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Lee, et aI (1997)
The Bullwhip Effe~

Alderson (1957)
First Illustrates the

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[concePt of Postponement

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"+

Geoffrion & Graves (1974)


/MUlti-COmmodiIY
Distribution System Design

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Heskett (1977)
Bowersox (1969)
Describes Integrated
Logistics ~

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=1

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51

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Logistics Essential to Strategy

Forrester (1958,61)
Describes Increasing
f\:" Upstream Demand Variation

J \.

Lee & Billi40n (1993)


Decentralized Supply Chains

Clark & Scarf (1960)


Introduction of MultiEchelon Inventory Models

Zinn & Bowerson (1988)


Expand Upon and Test
Types of Postponement\..

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Strategic Supplier J
Partnerships

...~

Cohen & Mallik (1997)


Global Supply Chain Strategies

c~~~~a;~198V

Supply Chain Mgmt.

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Bloembof-Ruwaard et al (1995) - Green Supply Chain

Year-19XX

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27.4

Classifying Research on Supply Chain Management

In this section, we classify the supply chain management research into three broad
perspectives: competitive strategy, firm focused tactics, and operational efficiencies.
Competitive strategy issues have a long range impact on the firm, firm focused
tactical issues operate in a shorter time frame and operational efficiencies involve day
to day decisions that can be altered quickly. Stevens (1989) offers us some simple
guidelines to follow in categorizing the perspective (competitive strategy, firm
focused tactics and operational efficiencies) in which each research effort fits. These
are fundamental descriptions of each perspective found in many textbooks but not
necessarily universally accepted. We believe that the basic structure is simple, well
known and lends itself nicely to taxonomic categorization.
Readers should refer to appendix A for a listing of the articles that were reviewed
for classification. Appendix A provides information beyond the author and year of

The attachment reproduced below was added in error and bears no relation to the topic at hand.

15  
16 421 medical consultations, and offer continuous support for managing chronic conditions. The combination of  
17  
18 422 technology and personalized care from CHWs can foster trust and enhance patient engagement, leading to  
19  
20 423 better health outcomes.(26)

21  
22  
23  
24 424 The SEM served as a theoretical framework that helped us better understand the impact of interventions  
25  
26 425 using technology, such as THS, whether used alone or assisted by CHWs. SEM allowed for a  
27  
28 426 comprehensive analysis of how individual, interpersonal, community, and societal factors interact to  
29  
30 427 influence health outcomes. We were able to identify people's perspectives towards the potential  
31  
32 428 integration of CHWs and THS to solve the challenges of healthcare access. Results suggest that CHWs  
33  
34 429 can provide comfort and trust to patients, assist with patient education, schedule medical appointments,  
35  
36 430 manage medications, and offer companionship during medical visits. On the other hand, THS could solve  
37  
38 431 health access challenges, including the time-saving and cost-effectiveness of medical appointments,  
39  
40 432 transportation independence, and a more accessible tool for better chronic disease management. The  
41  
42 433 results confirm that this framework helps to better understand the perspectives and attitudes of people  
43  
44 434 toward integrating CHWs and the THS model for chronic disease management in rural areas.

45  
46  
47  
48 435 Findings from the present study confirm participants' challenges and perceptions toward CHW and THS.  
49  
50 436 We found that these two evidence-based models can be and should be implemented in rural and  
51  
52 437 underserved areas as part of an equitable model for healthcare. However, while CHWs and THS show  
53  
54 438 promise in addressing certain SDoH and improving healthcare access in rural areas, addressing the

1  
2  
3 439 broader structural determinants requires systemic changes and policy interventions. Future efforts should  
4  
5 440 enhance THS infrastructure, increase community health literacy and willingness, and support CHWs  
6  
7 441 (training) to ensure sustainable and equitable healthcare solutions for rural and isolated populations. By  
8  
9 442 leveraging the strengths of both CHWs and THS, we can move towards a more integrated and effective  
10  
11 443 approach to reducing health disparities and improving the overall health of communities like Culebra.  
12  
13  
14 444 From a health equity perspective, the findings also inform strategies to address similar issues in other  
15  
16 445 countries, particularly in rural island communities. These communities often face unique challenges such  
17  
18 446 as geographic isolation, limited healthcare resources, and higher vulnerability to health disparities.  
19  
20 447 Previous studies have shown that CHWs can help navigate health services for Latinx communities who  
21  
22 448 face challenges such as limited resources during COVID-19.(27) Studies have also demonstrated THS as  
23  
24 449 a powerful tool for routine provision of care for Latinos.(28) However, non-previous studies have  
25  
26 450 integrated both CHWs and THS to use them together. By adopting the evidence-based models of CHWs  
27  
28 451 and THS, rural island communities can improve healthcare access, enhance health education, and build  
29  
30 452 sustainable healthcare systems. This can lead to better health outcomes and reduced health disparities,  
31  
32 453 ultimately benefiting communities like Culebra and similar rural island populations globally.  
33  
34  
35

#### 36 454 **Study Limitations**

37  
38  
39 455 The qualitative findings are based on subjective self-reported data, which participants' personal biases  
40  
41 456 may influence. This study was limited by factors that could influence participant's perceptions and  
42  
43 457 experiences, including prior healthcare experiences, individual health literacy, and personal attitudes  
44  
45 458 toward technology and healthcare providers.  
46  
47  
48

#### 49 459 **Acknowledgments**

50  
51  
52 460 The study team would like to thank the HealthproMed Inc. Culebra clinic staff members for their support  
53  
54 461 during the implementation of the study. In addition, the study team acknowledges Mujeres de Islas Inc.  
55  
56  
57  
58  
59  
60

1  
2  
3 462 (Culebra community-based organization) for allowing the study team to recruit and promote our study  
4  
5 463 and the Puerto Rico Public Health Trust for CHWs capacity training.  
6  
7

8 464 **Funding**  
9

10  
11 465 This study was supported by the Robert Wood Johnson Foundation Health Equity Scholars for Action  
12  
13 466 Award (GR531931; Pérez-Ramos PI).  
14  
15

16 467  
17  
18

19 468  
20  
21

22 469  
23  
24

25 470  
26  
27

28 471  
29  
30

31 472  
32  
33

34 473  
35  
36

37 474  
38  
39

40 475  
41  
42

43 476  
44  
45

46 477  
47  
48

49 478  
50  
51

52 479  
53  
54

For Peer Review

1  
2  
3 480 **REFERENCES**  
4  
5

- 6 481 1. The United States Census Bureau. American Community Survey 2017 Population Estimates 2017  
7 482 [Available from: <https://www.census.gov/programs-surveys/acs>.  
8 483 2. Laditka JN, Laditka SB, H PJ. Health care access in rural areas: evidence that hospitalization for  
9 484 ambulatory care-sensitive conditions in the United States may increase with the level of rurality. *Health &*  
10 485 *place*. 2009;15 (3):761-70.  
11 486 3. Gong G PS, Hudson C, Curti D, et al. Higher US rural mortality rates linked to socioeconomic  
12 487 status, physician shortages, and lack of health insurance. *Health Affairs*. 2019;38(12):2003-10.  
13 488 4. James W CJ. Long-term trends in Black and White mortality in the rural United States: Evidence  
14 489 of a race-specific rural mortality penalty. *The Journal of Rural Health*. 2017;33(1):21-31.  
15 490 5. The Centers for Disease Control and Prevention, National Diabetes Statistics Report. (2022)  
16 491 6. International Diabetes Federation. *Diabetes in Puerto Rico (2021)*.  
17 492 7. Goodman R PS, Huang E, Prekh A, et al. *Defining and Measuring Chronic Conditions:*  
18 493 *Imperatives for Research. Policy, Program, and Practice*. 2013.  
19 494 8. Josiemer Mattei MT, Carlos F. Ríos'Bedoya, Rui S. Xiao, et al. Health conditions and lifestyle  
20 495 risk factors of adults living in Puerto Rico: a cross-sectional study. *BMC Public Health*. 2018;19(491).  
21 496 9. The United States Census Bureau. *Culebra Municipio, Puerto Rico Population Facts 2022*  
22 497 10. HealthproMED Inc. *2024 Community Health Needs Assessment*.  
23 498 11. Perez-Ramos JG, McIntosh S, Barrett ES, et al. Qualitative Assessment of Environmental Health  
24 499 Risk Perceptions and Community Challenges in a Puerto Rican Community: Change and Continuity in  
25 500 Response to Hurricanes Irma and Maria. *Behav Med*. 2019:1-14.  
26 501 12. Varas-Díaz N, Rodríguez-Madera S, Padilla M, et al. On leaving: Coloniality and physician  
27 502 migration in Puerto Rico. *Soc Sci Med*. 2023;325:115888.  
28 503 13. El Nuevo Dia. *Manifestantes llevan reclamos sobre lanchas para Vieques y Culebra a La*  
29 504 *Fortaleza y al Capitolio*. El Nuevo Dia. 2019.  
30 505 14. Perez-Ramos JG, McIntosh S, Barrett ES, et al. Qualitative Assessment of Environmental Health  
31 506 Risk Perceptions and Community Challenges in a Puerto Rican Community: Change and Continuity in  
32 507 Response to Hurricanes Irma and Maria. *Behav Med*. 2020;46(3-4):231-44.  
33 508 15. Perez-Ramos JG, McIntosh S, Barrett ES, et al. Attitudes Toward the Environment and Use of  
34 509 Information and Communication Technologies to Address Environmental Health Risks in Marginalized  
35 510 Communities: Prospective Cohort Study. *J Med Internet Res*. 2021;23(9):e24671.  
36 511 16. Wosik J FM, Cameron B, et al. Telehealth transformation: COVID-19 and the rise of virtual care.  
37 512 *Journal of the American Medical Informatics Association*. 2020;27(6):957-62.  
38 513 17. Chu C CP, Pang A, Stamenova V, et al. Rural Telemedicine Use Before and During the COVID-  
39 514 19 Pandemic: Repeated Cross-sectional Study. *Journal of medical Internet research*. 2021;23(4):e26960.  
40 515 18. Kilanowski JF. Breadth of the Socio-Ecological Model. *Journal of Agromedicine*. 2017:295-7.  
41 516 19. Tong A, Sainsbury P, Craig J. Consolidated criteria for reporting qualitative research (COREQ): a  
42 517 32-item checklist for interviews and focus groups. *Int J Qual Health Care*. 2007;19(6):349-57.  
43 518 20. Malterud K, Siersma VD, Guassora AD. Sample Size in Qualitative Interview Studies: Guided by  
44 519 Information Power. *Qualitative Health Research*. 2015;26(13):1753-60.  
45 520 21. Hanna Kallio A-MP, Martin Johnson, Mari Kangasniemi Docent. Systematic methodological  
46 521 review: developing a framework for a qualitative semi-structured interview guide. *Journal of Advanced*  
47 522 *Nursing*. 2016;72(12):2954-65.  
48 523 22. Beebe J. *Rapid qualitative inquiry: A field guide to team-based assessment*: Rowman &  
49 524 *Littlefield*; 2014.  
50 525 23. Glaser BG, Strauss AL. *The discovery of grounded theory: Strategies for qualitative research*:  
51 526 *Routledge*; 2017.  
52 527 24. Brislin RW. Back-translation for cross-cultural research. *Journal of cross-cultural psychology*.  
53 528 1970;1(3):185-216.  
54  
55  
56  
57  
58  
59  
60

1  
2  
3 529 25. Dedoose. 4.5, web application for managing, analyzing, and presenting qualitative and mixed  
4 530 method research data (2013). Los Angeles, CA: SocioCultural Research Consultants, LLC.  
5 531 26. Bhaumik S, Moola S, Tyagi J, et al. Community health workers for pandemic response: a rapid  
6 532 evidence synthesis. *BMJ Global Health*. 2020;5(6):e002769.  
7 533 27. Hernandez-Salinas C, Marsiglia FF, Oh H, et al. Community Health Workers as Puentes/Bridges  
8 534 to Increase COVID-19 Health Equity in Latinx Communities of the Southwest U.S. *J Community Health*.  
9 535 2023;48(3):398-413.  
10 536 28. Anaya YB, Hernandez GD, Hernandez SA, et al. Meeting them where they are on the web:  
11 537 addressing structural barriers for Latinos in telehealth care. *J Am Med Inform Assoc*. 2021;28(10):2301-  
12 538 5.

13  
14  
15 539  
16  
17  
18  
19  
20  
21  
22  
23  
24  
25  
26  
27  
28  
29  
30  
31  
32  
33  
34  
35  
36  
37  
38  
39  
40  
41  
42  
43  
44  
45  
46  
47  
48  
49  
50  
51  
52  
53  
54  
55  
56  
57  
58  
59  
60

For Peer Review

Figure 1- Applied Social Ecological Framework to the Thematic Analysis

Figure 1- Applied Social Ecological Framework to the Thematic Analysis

publication such as summaries of: (1) key factors that influenced the research, (2) the
main problems or concerns addressed by the research, (3) the solution methodology
used and (4) the authors' conclusions.
27.4.1. Research on Competitive Strategy in SCM

Competitive decisions are made within multiple planning horizons, usually monthly,
annually, or over multi-year planning horizons to achieve an enterprise wide, or
supply chain wide, optimal solution which reflects global objectives considering the
tradeoffs among functional or organizational demand management structure
requirements. Examples of competitive strategy decisions include, but are not limited
to: site selection, new product introductions, go/no go decisions on new
production/distribution resources, or new markets, as well as overall guidelines for
firm wide objectives.
Research which addresses company strategy: (1) should develop objectives and
policies for the entire supply chain AND clearly analyze how these support the needs
of the firm, (2) should determine the shape of the supply chain in terms of design, and
(3) should discuss how supply chain management can enhance the competitiveness of
the firm.
We classify each research paper dealing with competitive strategy issues by
considering the competitive advantage sub-categories we have outlined in Table 1.
27.4.2. Research on Firm-Focused Tactics

Tactical planning reflects decisions for the coming days, weeks, or months. Higher
level decisions and cross-functional objectives/metrics have already been determined
at the strategic level; but, actual demand may deviate from plan. Local opportunities
require more detailed planning solutions within the local problem domain; this is

849
needed to realign the availability of people, materials and other resources to meet
actual demand and bring the operation back within business objectives.
Research which addresses company tactics: (1) should focus on the
implementation of strategic decisions, (2) are functional in nature, and may deal with
only a few players in the overall chain and (3) may involve systems (MRP, DRP, JIT,
etc.) necessary to manage the supply chain.
Strategic
Subcategory

Definition

List of Papers on Strategic SCM


Issues